Progress Energy CEO: Nuclear energy has a challenging, promising future

Washington, D.C., February 17, 2011 — The future of nuclear energy in the U.S. is promising, complicated and challenging, said Bill Johnson, chairman, president and CEO of Progress Energy.

But the central question related to new nuclear plants is not “if” they’re needed, but “when” and “how” they’ll be built.

“Despite the sea change of events in the last five years, the underlying need for a secure, clean and affordable energy supply is stronger than ever,” Johnson said today at the seventh annual Platts Nuclear Energy Conference in Bethesda, Md. “And today, there’s an even more compelling case that greater use of nuclear power is a vital part of a balanced energy strategy.”

Johnson cited President Obama’s Jan. 20 State of the Union address, in which the president discussed nuclear power as a key component of the clean options needed to meet an 80 percent clean energy goal in 2035.

“Nuclear energy is certainly not the only tool we have or need in building a clean energy future,” Johnson said. “There’s a toolbox of options, and we’ll need a diverse mix tailored for each company and region. But I do believe that advanced nuclear technology is one of the essential tools our nation must employ in a bigger way. It’s a key part of a realistic, balanced solution. The need is compelling, and the global trend is undeniable.”

Global energy use is expected to double by 2030, and U.S. electricity consumption is expected to grow by 30 percent by 2035. Meanwhile, about one-third of the existing U.S. nuclear fleet will be at least 60 years old by 2035, so the decade of the 2030s could see a wave of nuclear plant retirements — at a time when many fossil-fueled plants will also already be retired. That points to a significant need to invest in new plants capable of producing emission-free electricity 24 hours a day.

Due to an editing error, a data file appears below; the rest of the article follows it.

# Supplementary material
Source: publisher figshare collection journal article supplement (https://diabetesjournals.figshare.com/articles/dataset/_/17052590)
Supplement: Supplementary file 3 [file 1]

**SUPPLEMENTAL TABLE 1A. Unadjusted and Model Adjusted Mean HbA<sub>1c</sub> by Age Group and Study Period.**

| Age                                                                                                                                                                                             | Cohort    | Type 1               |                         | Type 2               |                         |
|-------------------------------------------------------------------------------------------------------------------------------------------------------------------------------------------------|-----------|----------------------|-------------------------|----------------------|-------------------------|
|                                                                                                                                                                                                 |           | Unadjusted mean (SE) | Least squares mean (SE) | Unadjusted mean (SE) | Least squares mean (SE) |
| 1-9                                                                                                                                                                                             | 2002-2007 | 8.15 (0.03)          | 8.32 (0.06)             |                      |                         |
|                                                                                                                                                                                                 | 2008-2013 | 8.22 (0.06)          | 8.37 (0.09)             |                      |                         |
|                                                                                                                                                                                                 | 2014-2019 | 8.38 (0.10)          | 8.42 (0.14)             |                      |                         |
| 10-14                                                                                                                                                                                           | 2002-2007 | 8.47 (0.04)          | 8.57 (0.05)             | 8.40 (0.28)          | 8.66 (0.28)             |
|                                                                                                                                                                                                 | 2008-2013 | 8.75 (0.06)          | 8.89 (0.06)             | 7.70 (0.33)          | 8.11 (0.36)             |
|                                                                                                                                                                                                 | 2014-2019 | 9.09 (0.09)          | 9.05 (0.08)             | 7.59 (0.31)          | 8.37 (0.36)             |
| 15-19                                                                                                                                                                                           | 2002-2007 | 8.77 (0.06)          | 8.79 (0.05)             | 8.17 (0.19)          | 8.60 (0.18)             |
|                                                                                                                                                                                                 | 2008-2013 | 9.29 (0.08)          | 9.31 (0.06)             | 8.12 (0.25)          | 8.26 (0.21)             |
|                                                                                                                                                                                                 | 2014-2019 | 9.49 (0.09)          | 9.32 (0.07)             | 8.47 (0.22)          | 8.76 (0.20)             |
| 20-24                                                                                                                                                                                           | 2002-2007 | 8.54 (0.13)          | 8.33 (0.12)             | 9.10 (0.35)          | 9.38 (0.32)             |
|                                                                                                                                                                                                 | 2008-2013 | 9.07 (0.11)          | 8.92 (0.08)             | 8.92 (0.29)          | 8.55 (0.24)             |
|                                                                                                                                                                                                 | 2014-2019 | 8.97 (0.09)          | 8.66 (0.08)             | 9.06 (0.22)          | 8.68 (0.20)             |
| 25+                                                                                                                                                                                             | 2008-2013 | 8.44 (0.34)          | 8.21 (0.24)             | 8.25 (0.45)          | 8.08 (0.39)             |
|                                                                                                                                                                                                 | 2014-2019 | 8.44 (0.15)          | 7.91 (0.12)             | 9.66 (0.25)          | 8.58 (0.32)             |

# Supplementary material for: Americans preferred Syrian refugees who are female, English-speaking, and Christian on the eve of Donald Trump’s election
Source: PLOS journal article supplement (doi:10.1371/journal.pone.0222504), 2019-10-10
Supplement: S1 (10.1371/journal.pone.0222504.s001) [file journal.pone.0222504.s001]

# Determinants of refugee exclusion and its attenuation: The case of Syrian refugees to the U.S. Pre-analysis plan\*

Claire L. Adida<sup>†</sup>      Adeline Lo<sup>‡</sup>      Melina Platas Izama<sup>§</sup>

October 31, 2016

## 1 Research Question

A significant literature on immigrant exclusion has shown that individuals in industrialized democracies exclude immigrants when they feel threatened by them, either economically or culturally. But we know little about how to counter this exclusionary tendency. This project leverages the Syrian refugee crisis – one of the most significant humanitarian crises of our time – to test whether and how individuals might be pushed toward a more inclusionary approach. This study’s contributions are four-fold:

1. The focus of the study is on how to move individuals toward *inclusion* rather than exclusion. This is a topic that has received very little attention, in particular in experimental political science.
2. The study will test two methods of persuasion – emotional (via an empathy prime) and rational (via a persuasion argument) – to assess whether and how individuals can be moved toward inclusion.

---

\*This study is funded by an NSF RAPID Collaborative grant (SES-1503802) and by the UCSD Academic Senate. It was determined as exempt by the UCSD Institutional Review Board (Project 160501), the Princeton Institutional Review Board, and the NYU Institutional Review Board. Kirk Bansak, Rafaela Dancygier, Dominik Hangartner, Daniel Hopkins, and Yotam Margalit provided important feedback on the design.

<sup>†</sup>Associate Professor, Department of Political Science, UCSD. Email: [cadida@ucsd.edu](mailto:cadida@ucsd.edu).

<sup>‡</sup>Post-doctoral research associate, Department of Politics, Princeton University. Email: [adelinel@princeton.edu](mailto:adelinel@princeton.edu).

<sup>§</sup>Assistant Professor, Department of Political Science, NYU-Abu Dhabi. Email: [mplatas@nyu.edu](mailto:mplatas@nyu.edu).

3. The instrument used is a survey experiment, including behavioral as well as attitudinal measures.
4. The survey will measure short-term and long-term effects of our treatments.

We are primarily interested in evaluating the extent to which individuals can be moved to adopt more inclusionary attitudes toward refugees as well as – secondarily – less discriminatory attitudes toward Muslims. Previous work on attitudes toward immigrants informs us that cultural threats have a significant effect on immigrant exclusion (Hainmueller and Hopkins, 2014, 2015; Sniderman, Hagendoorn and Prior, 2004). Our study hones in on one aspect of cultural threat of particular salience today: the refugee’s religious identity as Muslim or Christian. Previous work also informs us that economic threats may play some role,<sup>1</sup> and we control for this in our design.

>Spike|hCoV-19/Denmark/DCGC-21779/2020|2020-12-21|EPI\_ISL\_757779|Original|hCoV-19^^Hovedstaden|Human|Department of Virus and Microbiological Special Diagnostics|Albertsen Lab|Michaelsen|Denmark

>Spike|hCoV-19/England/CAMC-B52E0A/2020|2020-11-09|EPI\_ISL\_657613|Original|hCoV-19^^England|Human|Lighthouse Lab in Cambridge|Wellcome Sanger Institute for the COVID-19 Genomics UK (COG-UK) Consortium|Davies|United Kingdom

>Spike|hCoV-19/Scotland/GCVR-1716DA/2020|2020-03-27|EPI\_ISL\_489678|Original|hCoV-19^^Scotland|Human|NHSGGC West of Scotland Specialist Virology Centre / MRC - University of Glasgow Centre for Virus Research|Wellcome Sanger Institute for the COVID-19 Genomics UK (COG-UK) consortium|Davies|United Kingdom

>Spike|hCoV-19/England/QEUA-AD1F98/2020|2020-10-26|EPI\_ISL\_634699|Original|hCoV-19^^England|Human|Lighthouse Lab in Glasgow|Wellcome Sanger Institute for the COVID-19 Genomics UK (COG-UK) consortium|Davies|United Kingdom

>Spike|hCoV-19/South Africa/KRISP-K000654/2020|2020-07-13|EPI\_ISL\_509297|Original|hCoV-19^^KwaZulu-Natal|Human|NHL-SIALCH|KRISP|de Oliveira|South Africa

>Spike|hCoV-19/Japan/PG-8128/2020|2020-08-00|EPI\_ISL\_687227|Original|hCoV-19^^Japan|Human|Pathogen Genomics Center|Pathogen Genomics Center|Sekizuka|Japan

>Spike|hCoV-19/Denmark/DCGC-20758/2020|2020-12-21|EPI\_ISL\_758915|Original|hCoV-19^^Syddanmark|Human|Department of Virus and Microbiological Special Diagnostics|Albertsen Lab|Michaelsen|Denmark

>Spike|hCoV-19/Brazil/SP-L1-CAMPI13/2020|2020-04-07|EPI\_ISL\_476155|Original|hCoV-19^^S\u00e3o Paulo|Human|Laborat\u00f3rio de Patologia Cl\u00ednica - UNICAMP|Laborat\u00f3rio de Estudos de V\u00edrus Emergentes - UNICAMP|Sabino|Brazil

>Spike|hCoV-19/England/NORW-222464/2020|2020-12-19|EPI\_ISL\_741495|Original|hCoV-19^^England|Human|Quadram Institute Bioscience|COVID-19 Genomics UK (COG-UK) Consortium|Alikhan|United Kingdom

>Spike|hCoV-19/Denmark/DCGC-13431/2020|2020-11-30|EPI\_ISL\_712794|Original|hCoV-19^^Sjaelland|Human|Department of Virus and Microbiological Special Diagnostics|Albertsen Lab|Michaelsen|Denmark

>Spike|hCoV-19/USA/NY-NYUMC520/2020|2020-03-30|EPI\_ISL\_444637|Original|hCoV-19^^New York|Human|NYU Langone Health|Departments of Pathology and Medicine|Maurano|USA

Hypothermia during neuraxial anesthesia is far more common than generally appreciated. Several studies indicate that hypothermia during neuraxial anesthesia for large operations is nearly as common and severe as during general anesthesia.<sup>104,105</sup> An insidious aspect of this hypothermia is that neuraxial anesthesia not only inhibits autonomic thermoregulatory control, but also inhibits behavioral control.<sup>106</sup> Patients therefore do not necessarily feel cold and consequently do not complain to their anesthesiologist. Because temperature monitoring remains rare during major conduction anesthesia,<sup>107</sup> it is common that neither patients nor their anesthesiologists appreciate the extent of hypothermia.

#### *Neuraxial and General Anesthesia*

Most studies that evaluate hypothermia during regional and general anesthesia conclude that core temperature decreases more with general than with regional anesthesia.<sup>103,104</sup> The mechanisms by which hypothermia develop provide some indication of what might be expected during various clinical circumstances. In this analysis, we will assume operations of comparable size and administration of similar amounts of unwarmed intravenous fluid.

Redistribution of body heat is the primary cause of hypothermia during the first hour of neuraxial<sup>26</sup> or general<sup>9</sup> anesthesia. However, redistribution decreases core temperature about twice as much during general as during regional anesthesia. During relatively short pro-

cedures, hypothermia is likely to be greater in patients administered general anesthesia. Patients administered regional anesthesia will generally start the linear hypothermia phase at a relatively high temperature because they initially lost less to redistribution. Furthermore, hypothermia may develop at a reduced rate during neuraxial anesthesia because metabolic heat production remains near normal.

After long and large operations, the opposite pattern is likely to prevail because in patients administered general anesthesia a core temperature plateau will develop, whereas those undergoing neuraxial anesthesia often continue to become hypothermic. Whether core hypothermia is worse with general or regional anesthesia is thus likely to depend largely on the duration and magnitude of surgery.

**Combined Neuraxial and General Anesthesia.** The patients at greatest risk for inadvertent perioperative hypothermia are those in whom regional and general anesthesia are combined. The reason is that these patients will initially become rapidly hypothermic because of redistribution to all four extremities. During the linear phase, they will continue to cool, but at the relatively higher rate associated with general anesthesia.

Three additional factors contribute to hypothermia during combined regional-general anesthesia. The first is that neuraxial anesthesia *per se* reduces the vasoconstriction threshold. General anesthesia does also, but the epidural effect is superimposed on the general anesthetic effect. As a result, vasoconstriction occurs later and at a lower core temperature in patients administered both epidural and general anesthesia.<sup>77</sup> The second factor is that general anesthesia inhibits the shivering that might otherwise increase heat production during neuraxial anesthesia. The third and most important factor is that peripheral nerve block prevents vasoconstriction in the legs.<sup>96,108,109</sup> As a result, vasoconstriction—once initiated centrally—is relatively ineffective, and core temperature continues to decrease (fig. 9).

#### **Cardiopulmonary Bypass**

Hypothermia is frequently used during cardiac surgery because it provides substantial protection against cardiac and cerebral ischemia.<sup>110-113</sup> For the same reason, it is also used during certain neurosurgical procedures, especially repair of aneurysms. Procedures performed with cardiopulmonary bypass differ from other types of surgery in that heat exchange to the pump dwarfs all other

Johnson pointed to four factors needed to drive the nation’s expansion of nuclear energy:

* Excellence in maintaining and operating the nation’s current fleet of reactors;

* Financial strength of the companies that plan to build more plants, in light of the elevated scrutiny on companies’ creditworthiness;

* Regional partnerships among joint owners to reduce financial impacts on consumers and financial risks for individual companies; and

* Broad political and regulatory support, including timely and efficient recovery of financing costs during construction.

“There is positive momentum on all these fronts,” Johnson said. “But more work needs to be done, especially in putting the right cost-recovery mechanisms in place. ” I would like to see the United States lead the way in commercial nuclear expansion – thoughtfully, strategically and on a scale and timetable sufficient to the need.”

Johnson currently serves on the boards and executive committees of the Edison Electric Institute and the Nuclear Energy Institute. He is also a member of the board of directors of the Institute of Nuclear Power Operations. Johnson believes advanced nuclear power must have an expanded role as the U.S. looks to meet energy needs reliably, affordably and in an environmentally sound manner in the decades ahead.

Progress Energy owns and operates five nuclear reactors at four sites in the Carolinas and Florida. The company has pending applications with the Nuclear Regulatory Commission for licenses to permit up to two new reactors each at sites in Florida and North Carolina.

Progress Energy, headquartered in Raleigh, N.C., is a Fortune 500 energy company with more than 22,000 MW of generation capacity and about $10 billion in annual revenues. Progress Energy includes two major electric utilities that serve about 3.1 million customers in the Carolinas and Florida.

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